As I boarded the plane en route from Moscow to Dushanbe, I immediately felt glad I had packed so light. The plane was full and nearly all passengers were young Tajik men, clearly going home on a break from their jobs in Russia, laden with hefty bags. The plane landed in Dushanbe at 3:20am and as soon as the wheels touched the tarmac, the sleepy tranquility vanished. Despite muted protests from air hostesses, several passengers were already on their feet and retrieving their bags from the overhead compartments. Once inside the dimly-lit terminal, excitement turned to agitation and what initially was a small orderly queue at passport control soon transformed into a disorderly crowd. I would see the same pattern time and again during my stay in Dushanbe.
Dushanbe is a typical Central Asian capital, with a grid of large avenues lined with leafy trees; large symmetrical buildings and golden statues of national heroes and poets. Looking at the city from the roof of my hotel, however, what draws my attention is the number of cranes scattered across the city.
There seems to be no stopping the construction boom in the capital, as if Tajikistan was trying to shrug off the label of the poorest Stan in Central Asia with impressive – though many locals I meet seem unimpressed – construction projects. Some of these developments have more to do with vanity than utility and the anecdotes about them suggest that the construction of most was prompted by personal rivalries among the region’s leaders. The city already has the largest flagpole in the region – three meters higher than its equivalent in neighbouring Azerbaijan – and the government is currently building what will be Central Asia’s largest teahouse.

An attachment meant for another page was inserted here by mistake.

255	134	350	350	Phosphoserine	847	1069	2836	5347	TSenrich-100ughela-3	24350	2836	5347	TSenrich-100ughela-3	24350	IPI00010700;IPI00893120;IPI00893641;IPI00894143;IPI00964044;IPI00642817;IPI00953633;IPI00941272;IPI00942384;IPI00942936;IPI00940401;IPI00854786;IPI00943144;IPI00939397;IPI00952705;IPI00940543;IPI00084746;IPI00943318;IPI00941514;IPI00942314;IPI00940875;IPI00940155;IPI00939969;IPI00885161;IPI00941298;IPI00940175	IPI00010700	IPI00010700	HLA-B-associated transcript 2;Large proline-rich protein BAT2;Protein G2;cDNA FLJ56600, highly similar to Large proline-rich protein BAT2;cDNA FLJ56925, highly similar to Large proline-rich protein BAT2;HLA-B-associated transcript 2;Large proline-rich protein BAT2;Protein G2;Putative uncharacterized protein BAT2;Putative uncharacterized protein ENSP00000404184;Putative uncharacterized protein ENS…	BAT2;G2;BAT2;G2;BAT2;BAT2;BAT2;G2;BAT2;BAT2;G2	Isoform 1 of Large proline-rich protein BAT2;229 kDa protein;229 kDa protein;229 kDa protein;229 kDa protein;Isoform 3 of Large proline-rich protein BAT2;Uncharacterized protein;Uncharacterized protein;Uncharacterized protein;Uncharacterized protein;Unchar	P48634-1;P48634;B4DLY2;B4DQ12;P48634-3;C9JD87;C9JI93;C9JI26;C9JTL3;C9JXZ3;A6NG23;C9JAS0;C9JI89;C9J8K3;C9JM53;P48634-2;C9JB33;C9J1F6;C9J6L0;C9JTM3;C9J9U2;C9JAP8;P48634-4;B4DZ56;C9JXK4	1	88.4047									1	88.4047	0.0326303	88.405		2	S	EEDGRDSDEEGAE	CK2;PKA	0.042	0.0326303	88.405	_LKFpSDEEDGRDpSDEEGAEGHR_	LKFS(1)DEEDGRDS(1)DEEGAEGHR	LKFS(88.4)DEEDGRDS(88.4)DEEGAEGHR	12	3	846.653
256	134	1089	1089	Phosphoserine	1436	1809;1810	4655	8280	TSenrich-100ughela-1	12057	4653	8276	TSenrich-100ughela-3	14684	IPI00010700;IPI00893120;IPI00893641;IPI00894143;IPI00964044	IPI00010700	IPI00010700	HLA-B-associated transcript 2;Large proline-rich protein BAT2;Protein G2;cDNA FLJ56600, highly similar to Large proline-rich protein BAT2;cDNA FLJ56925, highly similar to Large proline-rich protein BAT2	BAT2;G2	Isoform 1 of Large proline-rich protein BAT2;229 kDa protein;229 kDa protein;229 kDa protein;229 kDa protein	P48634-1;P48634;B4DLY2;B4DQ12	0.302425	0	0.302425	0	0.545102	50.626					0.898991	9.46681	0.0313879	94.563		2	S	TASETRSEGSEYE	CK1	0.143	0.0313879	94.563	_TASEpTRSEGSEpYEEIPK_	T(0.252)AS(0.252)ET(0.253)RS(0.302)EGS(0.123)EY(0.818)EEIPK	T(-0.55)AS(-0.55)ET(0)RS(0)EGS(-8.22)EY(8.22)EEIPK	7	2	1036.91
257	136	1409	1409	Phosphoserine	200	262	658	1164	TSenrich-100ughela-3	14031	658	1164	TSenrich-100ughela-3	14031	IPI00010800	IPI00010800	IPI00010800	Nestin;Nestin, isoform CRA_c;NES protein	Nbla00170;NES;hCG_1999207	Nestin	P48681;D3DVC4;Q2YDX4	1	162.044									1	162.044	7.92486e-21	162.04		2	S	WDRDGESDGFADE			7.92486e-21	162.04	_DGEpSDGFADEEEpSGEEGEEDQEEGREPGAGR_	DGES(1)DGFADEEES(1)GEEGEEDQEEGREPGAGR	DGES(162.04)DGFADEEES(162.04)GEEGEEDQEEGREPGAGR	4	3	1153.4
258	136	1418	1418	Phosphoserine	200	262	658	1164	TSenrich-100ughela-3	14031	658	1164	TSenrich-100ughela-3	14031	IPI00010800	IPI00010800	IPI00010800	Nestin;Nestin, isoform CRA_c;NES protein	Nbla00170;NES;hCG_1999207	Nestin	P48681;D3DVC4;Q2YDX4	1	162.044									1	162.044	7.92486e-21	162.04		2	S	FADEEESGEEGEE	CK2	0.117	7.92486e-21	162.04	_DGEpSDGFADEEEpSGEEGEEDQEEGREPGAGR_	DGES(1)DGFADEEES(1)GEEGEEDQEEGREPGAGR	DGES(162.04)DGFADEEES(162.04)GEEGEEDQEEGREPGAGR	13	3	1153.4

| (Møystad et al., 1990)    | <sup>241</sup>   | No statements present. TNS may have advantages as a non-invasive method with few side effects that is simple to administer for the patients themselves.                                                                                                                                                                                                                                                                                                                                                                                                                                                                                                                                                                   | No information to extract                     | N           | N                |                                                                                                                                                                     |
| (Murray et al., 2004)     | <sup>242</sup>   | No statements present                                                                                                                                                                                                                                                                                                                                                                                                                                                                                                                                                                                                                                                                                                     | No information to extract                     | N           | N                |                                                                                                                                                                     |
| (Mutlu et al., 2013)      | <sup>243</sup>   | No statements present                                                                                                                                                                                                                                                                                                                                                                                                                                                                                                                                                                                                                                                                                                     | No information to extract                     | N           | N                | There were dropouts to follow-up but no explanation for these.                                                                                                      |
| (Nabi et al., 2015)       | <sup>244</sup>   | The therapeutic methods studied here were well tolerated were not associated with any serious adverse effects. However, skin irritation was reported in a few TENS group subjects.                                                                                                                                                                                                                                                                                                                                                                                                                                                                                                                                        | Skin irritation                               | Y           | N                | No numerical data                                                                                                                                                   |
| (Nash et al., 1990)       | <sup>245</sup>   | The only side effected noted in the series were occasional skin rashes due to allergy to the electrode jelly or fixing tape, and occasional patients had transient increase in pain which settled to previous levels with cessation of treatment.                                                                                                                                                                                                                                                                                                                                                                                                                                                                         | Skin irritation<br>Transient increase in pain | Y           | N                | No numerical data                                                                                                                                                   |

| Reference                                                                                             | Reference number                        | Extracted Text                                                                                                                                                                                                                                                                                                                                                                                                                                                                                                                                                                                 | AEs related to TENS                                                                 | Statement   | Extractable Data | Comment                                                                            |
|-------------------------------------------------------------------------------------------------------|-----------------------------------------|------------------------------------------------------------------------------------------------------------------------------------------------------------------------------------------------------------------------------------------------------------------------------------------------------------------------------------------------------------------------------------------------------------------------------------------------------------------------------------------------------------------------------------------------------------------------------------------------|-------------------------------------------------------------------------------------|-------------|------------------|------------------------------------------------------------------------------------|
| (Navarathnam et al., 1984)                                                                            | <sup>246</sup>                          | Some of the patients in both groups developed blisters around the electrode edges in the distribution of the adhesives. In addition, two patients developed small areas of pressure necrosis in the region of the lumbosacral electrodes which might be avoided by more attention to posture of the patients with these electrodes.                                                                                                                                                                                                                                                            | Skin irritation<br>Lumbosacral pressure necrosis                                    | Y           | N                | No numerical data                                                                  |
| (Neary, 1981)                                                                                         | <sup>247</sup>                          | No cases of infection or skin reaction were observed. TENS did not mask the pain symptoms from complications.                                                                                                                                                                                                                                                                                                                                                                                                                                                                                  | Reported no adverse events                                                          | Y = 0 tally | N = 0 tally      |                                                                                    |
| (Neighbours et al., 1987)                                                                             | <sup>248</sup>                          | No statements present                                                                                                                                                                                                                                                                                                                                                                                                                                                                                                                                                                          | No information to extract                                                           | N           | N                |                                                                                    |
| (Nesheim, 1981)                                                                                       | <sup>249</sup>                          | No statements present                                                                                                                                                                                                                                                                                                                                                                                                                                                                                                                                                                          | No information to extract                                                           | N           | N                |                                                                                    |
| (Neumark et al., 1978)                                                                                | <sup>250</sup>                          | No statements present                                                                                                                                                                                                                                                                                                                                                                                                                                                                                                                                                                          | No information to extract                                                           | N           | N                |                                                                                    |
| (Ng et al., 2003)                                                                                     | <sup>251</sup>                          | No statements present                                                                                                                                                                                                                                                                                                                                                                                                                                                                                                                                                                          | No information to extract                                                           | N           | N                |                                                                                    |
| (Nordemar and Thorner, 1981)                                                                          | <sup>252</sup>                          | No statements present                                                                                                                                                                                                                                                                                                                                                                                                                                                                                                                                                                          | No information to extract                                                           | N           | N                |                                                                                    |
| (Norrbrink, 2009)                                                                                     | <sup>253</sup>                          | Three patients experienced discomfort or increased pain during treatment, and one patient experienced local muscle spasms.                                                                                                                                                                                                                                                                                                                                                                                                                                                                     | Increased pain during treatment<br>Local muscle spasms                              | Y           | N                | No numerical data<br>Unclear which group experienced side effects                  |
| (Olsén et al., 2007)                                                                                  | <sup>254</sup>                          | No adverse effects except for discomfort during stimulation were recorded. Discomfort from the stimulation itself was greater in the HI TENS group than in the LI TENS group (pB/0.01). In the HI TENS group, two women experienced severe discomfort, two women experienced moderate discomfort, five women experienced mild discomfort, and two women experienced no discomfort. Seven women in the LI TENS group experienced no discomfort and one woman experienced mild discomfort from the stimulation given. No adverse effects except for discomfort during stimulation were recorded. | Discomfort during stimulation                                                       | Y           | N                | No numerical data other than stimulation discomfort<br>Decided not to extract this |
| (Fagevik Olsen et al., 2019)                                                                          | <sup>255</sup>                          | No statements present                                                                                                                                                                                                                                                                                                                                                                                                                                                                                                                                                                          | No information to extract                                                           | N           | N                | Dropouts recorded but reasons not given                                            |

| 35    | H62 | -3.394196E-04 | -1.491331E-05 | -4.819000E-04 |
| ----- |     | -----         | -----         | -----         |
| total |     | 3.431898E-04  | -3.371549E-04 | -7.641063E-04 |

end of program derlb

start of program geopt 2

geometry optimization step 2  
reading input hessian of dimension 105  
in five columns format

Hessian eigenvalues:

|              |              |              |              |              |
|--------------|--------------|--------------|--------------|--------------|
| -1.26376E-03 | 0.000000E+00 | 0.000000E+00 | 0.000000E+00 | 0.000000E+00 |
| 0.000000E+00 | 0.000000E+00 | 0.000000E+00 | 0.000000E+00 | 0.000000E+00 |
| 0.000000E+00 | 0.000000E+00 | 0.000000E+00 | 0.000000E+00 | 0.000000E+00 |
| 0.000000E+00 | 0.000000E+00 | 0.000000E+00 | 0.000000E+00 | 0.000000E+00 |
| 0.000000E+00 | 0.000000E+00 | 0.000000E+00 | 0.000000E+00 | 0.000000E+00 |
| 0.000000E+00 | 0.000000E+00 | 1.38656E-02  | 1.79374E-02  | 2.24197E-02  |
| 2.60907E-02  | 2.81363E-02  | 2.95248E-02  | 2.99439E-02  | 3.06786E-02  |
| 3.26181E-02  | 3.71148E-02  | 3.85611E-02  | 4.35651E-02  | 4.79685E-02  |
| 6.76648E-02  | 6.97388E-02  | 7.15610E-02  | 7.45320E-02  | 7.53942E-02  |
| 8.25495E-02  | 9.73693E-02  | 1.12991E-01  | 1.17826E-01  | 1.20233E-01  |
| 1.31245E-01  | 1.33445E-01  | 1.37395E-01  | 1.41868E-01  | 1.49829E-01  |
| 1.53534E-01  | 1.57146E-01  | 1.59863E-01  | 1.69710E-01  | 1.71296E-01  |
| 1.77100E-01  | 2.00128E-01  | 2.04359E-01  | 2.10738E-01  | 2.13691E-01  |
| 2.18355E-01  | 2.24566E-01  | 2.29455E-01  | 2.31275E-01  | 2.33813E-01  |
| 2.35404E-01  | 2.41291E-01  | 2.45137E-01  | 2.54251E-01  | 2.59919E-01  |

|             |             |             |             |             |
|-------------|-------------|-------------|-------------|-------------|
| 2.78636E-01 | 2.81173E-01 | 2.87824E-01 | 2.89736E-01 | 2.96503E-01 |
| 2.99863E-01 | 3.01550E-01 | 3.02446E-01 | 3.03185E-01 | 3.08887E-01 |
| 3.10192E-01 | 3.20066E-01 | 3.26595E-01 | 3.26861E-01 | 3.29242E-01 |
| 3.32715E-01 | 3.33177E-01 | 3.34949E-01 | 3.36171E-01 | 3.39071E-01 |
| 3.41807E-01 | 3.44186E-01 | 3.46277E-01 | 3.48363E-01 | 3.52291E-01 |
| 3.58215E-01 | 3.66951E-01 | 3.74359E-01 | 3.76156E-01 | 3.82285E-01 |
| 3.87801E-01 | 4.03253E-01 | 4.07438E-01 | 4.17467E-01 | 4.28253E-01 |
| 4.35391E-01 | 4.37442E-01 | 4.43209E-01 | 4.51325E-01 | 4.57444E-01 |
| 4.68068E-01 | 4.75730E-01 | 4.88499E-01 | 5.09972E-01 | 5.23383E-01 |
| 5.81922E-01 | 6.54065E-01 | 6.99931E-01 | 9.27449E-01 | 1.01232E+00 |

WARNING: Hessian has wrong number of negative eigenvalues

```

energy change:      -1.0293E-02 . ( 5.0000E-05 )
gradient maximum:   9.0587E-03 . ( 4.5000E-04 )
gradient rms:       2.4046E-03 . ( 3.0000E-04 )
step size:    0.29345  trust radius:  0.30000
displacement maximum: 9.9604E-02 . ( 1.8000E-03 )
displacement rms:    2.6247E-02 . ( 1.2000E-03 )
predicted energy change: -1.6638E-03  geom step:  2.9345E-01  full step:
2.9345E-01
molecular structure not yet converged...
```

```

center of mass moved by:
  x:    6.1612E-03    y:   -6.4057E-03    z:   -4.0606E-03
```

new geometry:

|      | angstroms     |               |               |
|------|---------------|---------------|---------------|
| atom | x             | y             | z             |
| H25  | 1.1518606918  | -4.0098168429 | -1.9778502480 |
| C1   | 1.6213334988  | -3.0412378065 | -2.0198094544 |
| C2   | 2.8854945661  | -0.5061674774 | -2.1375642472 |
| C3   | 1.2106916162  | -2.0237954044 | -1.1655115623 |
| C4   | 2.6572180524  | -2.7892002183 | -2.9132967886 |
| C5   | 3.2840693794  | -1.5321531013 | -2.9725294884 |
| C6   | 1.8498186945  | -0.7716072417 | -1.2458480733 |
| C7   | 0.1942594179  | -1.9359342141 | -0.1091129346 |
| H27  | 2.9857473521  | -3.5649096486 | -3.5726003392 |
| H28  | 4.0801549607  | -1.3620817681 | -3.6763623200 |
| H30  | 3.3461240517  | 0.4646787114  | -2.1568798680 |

While many of the projects in the city centre are said to be spearheaded by President Emomali Rahmon, a whole different type of construction boom can be observed on the outskirts of Dushanbe. Here most construction comprises affordable residential housing, family homes and dachas for the nascent middle-class. These are being bought by young Tajiks working in Russia, who plan to return to the country in a few years, but prefer to settle in the capital rather than head back to their home villages. Demand for housing in the suburbs of Dushanbe is high and there is no sign of the trend stopping.
This is worrying because there is little actual economic development, jobs are still scarce and poorly paid, and foreign investment levels are the lowest in the region. The security situation in most of Tajikistan seems stable at the moment because the current generation remembers the hardship of the civil war era. Images of the bread queues of the 1990s were widely broadcast during the celebration of the National Unity Day in late June, which marks the signing of the 1997 peace accord. These messages are contrasted with posters of the President – standing in a field of golden wheat or overlooking snowcapped mountains – that are scattered around the capital and highlight the country’s wealth.
For the time being, the propaganda and the outward signs of economic development seem to be enough to discourage any public protests. However, as large swaths of the country’s economy are increasingly becoming concentrated in the hands of a few members of the President’s family, there is no way of predicting what will happen to the small orderly queues when more Tajiks return home for good.